Last updated 09/07/2020
DevOps, an emerging concept in application development circles, is, at heart, a simple idea.
It refers to the practice of aligning an organization's developmental environment more closely with its operational environment so developers will better know what changes to make to an application, based on performance metrics and feedback from administrators.
While such an idea may appear obvious, large organizations have tended to keep their developers apart from the operational folks who use the software.
"Years ago, developers would make software and shrink-wrap it, and system administrators were left alone to figure out how to effectively deploy it, upgrade it, and scale it," said Tom Limoncelli, a co-chairman for this year's Usenix LISA (Large Installation System Administration) conference, which will feature a number of talks that explore the DevOps concept.
This approach can lead to a number of issues, however.
Most notably, if the software works more slowly than expected, the debugging process can be slow, because the issue is always volleyed back and forth between developers and administrators, with each party assuming the other's work is at fault.
Also, the features that a developer thinks a program should have are not always the ones that administrators, or users, might actually find useful.
DevOps tightens the feedback loop between developers and operations, allowing developers to make changes more quickly and organizations to speed the refinement of their code. With the DevOps approach,
"The system administrators are involved from the very beginning of software redesign, so reliability and scalability are built-in," Limoncelli said. "By being collaborative, you get a higher velocity of change, better uptime, and better scalability."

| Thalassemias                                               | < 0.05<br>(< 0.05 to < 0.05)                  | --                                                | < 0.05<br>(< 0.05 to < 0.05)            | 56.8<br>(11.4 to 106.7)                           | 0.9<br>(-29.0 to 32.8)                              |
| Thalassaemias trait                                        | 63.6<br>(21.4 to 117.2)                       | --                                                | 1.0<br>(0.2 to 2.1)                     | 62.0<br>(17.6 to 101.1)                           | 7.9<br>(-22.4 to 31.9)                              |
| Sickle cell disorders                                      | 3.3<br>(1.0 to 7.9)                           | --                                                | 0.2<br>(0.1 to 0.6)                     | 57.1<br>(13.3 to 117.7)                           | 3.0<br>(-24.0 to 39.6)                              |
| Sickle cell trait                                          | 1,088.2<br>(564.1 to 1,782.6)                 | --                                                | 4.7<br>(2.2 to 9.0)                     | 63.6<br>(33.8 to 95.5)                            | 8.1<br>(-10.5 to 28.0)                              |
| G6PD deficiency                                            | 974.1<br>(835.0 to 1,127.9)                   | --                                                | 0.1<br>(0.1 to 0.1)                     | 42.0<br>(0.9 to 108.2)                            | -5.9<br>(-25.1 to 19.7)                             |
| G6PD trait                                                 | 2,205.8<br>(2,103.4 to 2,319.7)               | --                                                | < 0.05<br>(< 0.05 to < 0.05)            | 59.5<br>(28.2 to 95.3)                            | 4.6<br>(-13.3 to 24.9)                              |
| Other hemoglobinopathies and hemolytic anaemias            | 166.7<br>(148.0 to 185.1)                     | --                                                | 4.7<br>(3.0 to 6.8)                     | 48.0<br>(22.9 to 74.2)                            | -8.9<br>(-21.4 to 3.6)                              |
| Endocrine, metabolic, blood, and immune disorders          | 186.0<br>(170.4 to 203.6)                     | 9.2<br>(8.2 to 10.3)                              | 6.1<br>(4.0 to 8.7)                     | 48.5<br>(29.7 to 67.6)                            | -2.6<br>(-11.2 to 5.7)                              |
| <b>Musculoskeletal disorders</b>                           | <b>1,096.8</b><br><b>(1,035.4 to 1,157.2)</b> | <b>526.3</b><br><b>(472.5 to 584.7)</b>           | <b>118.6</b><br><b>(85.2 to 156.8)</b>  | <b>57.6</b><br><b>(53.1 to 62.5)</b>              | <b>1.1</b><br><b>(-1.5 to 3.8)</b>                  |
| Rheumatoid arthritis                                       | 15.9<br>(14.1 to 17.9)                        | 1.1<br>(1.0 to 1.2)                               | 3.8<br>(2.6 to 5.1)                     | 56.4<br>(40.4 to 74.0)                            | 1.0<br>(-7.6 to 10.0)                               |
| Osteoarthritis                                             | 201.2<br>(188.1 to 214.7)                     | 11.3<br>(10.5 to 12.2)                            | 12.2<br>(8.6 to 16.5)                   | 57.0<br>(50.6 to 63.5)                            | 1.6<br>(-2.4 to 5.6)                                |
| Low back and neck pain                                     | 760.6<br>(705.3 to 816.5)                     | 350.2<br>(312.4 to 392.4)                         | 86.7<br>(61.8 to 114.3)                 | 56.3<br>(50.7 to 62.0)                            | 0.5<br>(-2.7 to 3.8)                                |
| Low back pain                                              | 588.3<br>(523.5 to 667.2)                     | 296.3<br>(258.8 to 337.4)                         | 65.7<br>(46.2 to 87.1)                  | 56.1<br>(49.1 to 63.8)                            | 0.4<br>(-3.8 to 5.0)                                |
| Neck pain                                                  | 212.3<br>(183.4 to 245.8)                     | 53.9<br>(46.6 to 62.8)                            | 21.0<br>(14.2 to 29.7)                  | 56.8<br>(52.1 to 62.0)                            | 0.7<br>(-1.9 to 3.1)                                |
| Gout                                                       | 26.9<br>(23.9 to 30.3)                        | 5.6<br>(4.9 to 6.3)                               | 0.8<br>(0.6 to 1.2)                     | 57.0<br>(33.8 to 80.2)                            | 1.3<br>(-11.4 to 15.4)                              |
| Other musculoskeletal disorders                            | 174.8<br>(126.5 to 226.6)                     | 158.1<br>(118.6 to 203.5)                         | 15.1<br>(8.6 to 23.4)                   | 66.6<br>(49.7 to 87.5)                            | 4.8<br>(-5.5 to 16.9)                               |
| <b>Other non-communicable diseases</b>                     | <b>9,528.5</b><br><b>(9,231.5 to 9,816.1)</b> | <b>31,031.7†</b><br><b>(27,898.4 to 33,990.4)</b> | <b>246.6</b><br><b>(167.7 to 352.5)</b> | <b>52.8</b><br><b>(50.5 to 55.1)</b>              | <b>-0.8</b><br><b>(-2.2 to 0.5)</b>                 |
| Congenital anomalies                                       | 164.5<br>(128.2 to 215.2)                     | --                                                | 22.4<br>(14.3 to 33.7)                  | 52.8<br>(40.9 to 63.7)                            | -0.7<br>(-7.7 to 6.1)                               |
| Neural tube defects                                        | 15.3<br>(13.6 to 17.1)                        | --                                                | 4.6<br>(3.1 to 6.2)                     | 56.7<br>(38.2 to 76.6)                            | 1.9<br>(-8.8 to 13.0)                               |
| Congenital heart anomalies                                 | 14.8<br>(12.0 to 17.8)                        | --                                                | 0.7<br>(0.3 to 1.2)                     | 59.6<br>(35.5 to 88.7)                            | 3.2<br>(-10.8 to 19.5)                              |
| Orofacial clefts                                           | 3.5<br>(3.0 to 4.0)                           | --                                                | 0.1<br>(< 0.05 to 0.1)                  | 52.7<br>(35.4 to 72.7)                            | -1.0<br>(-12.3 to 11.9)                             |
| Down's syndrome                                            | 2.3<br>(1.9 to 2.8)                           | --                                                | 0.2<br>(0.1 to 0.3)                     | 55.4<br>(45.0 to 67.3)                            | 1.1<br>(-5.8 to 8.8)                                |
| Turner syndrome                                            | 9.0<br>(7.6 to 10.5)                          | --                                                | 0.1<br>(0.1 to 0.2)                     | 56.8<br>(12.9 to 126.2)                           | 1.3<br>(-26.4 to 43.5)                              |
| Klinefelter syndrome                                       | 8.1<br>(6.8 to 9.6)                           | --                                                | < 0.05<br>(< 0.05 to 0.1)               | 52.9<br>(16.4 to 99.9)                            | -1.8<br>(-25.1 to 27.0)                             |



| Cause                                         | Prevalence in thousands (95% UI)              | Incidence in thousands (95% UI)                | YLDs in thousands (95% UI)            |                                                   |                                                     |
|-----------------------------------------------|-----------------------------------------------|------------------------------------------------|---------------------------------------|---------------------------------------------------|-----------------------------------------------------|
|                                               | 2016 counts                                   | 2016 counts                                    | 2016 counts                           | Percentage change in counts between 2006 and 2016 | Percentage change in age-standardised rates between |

The rise of DevOps at this time perhaps could be attributed to the emergence of large-scale Internet services, such as Google, Amazon, and Twitter, all of which have embraced the principles behind DevOps, Limoncelli said. Such companies are fiercely competitive, and so they need to implement new features as rapidly as possible.
Such companies also tend not to use prepackaged software from third-party software vendors, and instead rely on open source programs that their in-house developers and engineers can expand upon and tweak for their own specific environments.
One adherent to DevOps principles is the online e-commerce shop Etsy.
At the O'Reilly Web 2.0 Expo, held in New York in October, Mike Brittain, director of both the engineering and infrastructure teams at Etsy, explained how Etsy used DevOps-like principles.
If you want to become DevOps Certified to achieve this in your organization then you must go and enroll for devops course.
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